The Policy Formation Process at TRPA
Our approach to voting on E&S shareholder resolutions is one small part of our overall responsibilities related to proxy voting. This approach continuously evolves along with the overall corporate backdrop. It is informed by changes in regulation, improvements in corporate disclosure, campaigns by stakeholders, company‑specific events, and our investment professionals’ views on these matters. The TRPA ESG Investment Committee is made up of experienced investment professionals, including analysts and portfolio managers from our Equity, Fixed Income, and Multi‑Asset Divisions as well as Investment Division leadership. In addition, the membership includes cross‑functional expertise from internal legal counsel, business unit management, and investment operations. The committee is cochaired by our head of Corporate Governance and our director of Research for Responsible Investing. The committee’s first meeting of each year is to review proxy voting activity from the year before, to reassess the suitability of our voting guidelines, and to consider adding to or amending the guidelines.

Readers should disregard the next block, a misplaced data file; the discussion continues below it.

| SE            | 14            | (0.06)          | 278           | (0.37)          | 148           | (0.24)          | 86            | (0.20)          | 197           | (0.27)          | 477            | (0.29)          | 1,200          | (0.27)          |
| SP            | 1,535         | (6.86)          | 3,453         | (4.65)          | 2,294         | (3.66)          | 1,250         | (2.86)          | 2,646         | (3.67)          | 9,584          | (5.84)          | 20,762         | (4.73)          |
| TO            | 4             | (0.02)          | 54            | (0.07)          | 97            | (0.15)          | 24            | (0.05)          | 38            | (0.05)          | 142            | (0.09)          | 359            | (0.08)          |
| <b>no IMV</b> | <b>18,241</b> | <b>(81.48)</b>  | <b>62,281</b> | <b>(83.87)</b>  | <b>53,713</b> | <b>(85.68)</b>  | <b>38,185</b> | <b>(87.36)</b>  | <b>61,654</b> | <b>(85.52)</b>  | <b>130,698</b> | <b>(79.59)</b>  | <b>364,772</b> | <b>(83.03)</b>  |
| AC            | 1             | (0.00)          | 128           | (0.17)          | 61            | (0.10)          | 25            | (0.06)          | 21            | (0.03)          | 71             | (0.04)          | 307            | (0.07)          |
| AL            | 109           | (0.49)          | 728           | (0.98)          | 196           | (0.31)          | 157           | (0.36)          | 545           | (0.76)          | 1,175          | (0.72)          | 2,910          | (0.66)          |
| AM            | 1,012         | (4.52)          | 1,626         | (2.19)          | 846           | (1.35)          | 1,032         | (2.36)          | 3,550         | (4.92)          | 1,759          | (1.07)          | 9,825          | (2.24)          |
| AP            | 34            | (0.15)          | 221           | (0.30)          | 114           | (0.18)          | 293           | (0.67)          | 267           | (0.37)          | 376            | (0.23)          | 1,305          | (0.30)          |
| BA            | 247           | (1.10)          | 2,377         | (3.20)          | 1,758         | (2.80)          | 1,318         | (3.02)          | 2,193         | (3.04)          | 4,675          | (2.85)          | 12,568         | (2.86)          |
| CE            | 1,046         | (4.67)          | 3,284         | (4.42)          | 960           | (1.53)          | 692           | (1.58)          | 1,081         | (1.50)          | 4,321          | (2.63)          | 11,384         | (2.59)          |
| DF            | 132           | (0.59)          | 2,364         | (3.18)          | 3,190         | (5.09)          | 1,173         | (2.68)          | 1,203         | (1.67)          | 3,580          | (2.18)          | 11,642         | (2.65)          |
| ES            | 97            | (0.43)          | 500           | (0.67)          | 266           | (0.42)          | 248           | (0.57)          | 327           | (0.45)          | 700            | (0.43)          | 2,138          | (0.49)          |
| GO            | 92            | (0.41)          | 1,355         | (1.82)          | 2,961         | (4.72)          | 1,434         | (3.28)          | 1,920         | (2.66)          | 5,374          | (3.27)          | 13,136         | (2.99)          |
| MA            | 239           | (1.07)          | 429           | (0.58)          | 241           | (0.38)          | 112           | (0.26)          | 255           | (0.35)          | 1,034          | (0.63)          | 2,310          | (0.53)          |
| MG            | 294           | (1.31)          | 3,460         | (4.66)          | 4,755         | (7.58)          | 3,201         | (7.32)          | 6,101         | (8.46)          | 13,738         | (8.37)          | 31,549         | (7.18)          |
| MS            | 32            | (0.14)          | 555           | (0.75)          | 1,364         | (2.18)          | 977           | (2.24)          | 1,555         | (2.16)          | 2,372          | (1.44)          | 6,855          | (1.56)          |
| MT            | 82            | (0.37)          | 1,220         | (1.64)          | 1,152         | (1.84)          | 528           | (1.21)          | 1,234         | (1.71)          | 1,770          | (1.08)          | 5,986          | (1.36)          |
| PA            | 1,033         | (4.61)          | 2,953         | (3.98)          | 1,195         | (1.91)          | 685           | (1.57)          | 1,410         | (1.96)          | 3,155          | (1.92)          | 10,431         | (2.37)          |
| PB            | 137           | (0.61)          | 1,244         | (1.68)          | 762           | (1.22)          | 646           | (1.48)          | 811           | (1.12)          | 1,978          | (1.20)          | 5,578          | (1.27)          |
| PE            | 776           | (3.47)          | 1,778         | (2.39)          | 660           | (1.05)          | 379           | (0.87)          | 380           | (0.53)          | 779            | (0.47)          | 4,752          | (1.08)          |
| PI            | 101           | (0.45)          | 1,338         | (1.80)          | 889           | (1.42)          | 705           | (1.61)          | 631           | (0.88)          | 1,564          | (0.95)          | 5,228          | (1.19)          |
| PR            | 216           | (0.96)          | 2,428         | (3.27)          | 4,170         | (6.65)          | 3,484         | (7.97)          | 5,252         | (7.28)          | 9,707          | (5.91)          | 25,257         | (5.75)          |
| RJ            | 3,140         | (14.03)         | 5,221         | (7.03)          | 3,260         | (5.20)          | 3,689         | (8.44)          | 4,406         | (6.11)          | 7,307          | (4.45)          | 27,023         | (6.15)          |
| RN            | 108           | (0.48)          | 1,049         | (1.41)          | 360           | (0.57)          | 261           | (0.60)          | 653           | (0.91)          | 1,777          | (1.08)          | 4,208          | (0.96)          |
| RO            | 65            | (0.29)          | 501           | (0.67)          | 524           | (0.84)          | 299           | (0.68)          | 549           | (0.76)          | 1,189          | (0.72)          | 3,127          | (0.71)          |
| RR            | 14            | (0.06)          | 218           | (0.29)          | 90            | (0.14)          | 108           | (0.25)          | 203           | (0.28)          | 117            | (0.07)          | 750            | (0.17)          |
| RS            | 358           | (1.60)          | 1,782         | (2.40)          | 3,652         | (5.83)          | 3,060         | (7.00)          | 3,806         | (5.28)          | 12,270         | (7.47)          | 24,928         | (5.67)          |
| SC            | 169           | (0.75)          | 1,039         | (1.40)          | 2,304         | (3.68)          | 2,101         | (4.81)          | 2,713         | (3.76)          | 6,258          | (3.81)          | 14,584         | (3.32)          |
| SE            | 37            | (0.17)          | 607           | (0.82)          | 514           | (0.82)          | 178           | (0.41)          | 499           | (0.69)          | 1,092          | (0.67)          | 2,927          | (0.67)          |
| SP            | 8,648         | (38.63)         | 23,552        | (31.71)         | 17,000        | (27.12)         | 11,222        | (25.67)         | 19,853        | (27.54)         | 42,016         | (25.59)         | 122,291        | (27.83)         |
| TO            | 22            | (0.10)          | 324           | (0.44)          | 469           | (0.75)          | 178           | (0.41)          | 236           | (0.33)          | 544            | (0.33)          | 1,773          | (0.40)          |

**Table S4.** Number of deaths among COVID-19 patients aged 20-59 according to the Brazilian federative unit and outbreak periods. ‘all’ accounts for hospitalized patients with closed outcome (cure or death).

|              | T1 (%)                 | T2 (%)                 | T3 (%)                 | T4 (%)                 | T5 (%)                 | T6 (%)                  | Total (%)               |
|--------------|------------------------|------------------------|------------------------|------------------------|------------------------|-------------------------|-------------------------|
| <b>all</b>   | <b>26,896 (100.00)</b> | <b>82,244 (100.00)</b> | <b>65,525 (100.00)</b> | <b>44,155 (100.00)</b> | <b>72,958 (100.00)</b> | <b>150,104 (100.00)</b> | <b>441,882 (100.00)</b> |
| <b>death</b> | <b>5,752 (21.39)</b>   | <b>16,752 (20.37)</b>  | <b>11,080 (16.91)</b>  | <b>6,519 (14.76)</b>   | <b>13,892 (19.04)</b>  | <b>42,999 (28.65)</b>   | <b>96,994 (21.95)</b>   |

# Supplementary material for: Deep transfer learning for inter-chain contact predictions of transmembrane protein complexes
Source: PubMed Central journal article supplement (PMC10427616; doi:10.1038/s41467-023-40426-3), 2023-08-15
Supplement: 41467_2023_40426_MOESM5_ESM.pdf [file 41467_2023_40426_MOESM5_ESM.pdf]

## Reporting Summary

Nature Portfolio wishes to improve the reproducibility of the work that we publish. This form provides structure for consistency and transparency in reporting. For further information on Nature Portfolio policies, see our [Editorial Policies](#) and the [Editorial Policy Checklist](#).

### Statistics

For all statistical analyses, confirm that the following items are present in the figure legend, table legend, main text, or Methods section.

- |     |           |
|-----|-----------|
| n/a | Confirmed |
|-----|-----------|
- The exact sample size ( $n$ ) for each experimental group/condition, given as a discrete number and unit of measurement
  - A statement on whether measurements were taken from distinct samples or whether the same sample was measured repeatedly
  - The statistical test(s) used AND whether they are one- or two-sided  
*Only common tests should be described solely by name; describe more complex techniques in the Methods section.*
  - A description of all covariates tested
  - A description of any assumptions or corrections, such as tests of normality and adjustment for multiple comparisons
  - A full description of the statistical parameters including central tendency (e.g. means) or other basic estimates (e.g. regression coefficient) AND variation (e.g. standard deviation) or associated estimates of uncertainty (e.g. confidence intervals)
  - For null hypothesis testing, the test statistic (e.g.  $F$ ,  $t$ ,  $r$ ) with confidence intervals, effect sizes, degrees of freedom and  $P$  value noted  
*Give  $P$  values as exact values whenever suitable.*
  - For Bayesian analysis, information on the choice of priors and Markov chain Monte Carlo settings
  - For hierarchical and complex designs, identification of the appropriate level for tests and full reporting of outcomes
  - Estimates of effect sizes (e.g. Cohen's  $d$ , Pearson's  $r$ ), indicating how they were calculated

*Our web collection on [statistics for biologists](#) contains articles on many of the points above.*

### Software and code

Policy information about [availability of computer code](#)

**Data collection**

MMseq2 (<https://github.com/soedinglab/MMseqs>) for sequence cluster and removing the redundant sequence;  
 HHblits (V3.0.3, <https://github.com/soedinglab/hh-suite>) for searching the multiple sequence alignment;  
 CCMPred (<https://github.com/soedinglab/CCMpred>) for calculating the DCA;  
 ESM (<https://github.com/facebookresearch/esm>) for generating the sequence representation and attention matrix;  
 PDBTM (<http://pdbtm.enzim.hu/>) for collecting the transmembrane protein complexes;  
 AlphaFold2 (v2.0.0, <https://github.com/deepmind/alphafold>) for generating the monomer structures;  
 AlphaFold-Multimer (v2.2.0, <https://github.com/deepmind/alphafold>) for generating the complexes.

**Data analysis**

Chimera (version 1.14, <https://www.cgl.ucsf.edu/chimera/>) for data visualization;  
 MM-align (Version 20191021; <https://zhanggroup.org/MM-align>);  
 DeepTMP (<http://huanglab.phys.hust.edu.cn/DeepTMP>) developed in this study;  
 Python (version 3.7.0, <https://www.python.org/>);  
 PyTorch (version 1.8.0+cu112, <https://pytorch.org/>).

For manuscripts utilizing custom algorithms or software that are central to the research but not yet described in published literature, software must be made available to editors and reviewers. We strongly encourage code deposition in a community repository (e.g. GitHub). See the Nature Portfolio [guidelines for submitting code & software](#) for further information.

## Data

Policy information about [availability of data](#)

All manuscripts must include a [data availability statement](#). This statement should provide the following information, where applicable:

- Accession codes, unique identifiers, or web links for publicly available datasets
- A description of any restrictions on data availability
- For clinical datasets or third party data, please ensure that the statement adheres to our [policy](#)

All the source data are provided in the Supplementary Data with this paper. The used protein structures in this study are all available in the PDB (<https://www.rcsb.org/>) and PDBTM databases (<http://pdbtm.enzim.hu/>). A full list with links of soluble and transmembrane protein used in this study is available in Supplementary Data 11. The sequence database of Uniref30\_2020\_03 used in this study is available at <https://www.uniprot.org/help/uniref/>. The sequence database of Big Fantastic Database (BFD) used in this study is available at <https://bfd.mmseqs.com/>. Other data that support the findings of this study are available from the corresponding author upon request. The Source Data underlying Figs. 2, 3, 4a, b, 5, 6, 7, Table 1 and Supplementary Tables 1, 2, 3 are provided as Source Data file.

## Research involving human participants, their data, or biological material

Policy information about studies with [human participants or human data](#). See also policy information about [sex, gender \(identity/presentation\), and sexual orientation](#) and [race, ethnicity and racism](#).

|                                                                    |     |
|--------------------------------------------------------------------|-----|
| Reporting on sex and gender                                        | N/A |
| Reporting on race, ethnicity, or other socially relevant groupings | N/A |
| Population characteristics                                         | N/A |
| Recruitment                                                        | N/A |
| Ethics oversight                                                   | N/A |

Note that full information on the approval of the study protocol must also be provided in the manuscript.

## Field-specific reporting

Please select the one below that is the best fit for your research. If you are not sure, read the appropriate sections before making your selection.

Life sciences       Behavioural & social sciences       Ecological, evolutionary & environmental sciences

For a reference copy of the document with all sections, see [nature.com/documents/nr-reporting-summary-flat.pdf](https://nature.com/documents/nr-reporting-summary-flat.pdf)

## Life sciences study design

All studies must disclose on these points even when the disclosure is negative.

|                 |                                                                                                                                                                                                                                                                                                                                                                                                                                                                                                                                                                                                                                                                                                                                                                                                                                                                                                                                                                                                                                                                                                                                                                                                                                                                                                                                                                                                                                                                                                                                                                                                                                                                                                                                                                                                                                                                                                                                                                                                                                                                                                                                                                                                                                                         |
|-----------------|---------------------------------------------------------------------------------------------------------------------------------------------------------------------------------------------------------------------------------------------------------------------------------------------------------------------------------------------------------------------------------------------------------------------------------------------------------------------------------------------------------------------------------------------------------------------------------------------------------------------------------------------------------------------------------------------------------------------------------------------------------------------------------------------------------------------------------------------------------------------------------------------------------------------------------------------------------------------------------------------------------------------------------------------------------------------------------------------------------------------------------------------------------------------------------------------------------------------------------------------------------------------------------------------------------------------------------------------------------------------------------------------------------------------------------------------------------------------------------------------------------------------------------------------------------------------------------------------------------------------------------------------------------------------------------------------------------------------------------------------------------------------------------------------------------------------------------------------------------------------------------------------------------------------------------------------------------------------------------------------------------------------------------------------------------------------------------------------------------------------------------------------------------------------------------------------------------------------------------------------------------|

Multiple Avenues of Accountability for ESG Performance
It is important to note that shareholder resolutions are not the only way that our views on environmental and social factors are expressed in the TRPA proxy voting program. For almost every company around the world, directors are reappointed as part of the regular business of the shareholder meeting. Before we vote to reelect them, we assess these directors’ performance across multiple dimensions, including environmental and social.
In 2022 we adapted the TRPA voting guidelines in three ways that led to an increase in our level of opposition of directors due to ESG concerns. These policies were:
- Climate Transparency Gap: For companies deemed to be in high‑emitting industries, we generally oppose board members if the companies fail to disclose sufficient greenhouse gas emissions data to enable investors to assess risk.
- Board Diversity: We apply a minimum standard for boards’ gender diversity in every market globally, with higher standards applied in regions where there is governing regulation or a market standard.
- Shareholder Rights: We generally oppose board members at seasoned U.S. companies that continue to elect directors in staggered, three‑year terms, as these structures reduce boards’ accountability to investors.
In 2022, the outcome of these three policy adaptations was that TRPA opposed more than 1,000 additional directors when compared with our previous policy.
Voting Decision Elements
The following table details the specific considerations that we take into account when assessing E&S resolution.